Integrating information in academic libraries is very important but some users don't know how to find this information in the first place. Credo Reference is taking on the challenge of enticing users to their libraries' resources, writes John Dove
It is no secret that academic libraries are struggling with finding ways to bring the Google generation of students to discover the value of resources provided to them by their universities .
Recent research at the University of Washington into undergraduates at several diverse universities in the USA revealed that students today find course-related research more difficult than previous generations did. This was independent of how many online academic resources are being provided to them .
Over the past several years I’ve participated in workshops and talks with librarians in the UK and USA. A question I always pose to the audience is, ‘Where do students get stuck in their course-related research?’ The leading answer to that question is always some form of: ‘Newer students don’t have the vocabulary to pose a proper query to the professional databases we provide for them’.
Credo Reference has won a reputation for innovation in online reference, in particular for some of our exploration and discovery tools, and for our ability to pass users on to other resources of the library (such as academic databases and sets of online journals, as well as other online reference systems).
But no matter how well integrated an online reference system is within the library, it is not doing much for students’ greatest deficiency if it doesn’t solve the ‘findability’ problem.
For the last year and a half our product team (which is made up of both software developers and library science graduates) has been putting together the technologies and components that we think will start to address this problem.
One of the big advantages we can bring to the table is that the content of high-quality academic subject encyclopaedias from many of our partner publishers is exactly the kind of content a student new to a field could use. Subject encyclopaedias are built with the objective of providing someone new to a field with the overall context and vocabulary of the field. ‘Normalisation’ means something very different in psychology than it does in political science but a good subject encyclopaedia from either field will give someone new to the field a good grasp of the specific meaning it has in that field.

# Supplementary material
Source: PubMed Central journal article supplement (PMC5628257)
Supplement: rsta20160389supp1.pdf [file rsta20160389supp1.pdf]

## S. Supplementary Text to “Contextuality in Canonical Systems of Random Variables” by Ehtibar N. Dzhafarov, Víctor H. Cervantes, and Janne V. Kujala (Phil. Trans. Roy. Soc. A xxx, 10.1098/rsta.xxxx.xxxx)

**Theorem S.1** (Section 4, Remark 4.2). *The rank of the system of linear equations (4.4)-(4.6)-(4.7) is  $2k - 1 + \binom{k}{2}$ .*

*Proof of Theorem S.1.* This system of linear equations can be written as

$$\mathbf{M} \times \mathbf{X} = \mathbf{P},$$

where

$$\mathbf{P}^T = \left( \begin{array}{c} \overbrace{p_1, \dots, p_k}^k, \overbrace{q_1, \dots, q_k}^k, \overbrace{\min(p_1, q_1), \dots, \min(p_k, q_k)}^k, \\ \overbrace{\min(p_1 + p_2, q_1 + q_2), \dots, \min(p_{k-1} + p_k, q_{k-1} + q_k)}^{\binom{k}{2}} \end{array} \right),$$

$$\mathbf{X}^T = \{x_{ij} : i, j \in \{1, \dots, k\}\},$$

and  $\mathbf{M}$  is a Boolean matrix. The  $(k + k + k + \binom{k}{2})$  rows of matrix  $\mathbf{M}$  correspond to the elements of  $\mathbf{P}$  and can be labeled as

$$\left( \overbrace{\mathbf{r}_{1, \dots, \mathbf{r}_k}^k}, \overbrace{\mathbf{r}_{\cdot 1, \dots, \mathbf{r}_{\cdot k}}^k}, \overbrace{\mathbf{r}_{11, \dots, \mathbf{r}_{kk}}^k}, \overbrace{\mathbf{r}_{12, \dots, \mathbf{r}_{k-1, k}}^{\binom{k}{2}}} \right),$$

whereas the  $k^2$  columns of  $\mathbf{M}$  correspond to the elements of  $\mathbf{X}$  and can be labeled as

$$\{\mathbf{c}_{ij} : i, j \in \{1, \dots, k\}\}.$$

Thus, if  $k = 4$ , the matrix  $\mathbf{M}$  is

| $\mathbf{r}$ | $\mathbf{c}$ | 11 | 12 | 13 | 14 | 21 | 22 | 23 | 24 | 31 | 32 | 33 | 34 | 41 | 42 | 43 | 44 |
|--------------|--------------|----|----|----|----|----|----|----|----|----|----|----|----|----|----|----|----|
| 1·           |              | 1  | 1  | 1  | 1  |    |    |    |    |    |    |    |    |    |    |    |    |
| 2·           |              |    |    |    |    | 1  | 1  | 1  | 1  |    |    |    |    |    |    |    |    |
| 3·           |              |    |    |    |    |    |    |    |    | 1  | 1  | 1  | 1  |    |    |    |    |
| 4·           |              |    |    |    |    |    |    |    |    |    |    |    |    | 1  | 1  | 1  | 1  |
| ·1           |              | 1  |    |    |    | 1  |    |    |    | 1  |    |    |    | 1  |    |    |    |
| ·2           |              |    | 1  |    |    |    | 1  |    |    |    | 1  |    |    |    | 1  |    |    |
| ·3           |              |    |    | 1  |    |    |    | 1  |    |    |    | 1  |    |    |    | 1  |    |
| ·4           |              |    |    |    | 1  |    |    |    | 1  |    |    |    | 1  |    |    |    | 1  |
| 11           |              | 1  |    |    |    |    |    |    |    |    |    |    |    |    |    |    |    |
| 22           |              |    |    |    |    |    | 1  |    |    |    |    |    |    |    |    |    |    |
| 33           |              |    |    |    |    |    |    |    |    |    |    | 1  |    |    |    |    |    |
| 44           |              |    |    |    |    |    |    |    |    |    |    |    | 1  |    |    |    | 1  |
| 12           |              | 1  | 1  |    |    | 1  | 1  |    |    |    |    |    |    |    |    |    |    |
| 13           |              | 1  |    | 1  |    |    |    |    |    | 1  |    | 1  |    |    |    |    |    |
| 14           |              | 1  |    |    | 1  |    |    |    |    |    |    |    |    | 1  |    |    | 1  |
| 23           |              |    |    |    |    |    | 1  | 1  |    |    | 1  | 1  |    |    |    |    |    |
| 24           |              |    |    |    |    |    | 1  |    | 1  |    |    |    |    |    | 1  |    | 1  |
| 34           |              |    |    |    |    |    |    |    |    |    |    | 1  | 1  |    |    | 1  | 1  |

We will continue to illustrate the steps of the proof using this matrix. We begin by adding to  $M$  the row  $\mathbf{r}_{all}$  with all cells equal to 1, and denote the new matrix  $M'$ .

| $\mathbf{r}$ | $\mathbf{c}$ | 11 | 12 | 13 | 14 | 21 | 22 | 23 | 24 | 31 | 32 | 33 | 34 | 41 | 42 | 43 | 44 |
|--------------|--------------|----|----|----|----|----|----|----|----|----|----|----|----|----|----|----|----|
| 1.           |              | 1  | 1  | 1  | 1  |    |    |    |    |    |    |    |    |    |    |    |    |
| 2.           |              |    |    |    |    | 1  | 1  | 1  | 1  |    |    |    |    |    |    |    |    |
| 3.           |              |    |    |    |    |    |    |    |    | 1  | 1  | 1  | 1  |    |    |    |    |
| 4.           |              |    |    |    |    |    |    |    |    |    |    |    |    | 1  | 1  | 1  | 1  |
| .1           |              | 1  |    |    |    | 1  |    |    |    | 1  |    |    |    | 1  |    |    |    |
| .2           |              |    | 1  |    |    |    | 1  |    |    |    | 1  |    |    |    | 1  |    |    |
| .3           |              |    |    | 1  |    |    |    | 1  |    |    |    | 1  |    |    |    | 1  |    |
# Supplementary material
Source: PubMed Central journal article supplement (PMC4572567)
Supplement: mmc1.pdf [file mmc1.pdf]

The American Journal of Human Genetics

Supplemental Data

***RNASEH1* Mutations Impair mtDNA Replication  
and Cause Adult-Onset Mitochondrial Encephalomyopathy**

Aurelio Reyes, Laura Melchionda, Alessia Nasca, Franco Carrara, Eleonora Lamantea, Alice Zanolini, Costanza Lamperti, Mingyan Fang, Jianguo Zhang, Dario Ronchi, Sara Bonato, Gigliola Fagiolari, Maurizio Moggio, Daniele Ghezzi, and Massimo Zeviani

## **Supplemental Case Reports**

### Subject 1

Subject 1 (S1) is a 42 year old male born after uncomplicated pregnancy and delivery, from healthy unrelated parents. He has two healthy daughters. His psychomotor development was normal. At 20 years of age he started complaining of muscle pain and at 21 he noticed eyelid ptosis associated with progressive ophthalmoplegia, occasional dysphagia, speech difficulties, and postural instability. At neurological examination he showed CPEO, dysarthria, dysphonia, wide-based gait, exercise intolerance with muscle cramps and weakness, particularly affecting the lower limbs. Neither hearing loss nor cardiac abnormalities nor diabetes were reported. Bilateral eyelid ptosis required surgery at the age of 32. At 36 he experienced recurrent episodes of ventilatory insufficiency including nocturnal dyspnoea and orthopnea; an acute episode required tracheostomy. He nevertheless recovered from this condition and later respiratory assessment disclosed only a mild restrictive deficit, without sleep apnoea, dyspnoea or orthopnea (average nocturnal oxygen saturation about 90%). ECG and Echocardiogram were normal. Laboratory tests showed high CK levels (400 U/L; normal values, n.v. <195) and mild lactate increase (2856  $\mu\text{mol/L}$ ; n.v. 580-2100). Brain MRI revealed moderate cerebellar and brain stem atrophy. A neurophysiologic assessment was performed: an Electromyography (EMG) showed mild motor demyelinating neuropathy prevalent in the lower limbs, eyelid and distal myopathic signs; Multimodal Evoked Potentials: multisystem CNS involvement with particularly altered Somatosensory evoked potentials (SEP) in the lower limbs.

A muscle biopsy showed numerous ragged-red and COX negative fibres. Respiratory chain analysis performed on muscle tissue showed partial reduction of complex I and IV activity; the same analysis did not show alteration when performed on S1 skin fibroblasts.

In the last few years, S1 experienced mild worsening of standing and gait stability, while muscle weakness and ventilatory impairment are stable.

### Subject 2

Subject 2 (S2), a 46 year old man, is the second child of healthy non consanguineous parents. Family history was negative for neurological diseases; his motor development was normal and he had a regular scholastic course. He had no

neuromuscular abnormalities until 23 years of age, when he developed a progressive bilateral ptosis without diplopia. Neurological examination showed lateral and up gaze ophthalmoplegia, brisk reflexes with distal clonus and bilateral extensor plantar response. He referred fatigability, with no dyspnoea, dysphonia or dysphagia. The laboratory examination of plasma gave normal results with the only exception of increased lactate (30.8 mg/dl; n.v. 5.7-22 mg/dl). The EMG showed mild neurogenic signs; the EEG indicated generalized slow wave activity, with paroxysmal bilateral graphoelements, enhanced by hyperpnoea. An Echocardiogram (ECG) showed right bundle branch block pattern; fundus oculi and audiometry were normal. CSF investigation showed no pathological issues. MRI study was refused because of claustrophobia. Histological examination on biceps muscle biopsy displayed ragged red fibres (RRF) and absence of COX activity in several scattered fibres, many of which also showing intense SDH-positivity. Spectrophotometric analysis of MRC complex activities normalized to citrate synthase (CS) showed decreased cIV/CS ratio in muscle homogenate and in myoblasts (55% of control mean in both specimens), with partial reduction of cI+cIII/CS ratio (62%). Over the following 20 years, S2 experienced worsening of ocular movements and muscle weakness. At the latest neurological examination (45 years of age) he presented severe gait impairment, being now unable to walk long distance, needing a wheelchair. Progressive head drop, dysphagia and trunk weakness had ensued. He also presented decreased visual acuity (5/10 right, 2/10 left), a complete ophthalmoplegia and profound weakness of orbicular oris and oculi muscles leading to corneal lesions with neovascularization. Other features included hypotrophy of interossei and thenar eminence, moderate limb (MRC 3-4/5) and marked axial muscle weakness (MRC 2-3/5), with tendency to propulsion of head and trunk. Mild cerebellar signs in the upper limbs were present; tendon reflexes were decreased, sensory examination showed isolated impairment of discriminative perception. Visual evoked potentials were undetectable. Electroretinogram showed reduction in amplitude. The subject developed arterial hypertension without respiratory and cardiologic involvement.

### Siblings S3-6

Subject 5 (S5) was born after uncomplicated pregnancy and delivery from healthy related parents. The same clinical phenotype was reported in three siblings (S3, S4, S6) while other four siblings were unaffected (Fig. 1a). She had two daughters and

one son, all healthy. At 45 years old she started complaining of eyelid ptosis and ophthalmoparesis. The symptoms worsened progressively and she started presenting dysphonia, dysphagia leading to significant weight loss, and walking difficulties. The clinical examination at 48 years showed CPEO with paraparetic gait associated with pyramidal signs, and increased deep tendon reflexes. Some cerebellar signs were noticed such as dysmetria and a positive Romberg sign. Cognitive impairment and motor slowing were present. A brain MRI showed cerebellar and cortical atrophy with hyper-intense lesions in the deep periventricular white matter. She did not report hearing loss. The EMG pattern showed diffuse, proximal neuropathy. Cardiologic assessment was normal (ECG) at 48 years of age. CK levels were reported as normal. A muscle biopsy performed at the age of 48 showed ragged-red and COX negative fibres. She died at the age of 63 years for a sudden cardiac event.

Putting content onto free web could help entice users into their libraries’ resources
We have among our partner publishers the three biggest academic publishers: Elsevier Science, WileyBlackwell, and Springer. We have a growing number of fine university presses such as Harvard, Chicago, Cambridge, and Edinburgh. And recently some of the specialty academic presses such as Edward Elgar and Willan Publishing have begun providing Credo with subject encyclopaedias.
Enticing students from the free web
We’ve now firmly set ourselves on a direction that we think will start to address the problem of enticing students from the free web into their libraries. There, they will find pages of content with both authoritative reference material on topics of interest to the inquiring student and content and links provided to them by librarians at their academic institution.
There are several elements to this direction. Each of these elements will be improved upon as we roll-out these capabilities – taking in feedback from users, librarians, and publishers.
The first of these elements is to put portions of our content directly out onto the free web. Credo Reference is in a significant percentage of universities in both North America and in the UK. By free web, we mean more than just allowing search-engine crawling. We mean social media sites such as Facebook and wherever else we detect that students are turning to for reference-like information.
Secondly, the content we put out will be full-text – without speed bumps of any kind such as logins/signups, pay-per-view or snippets. Otherwise students will learn to avoid them and look elsewhere.
In addition, students exploring for better context of a term or phrase should be able to find such context wrapped up with links that are defined by their local librarian. These full-text topics should be built with hundreds of links to great online resources both inside and outside the library’s holdings.
This “wrapper”, which a librarian helps to define, will include links to professional databases, online journals and the library catalogue, as well as to librarian-recommended sites on the free web. Such wrappers will be customisable to general subject areas so that business students or humanities students, for example, will each be enticed by further sources appropriate to their interests.
The final element is to provide good statistics. These will inform librarians of how much traffic has come to them, from where, and where these users then go on to, especially if they go to other resources in the library.
I welcome feedback or suggestions from publishers, librarians, or anyone else interested in finding ways in which today’s students can more easily become aware of research in their chosen field of study.
John Dove is president of Credo Reference
 CIBER, University College London, Information behaviour of the researcher of the future: a CIBER briefing paper. January 2008 (www.bl.uk/news/pdf/googlegen.pdf). Study commissioned by the British Library and JISC
 Alison J. Head, Ph.D. and Michael B. Eisenberg, Ph.D., What today’s college students say about conducting research in the digital age, Project Information Literacy Progress Report, Research sponsored by a gift from Proquest, 4 February 2009, The Information School, University of Washington. (projectinfolit.org/pdfs/PIL_ProgressReport_2_2009.pdf)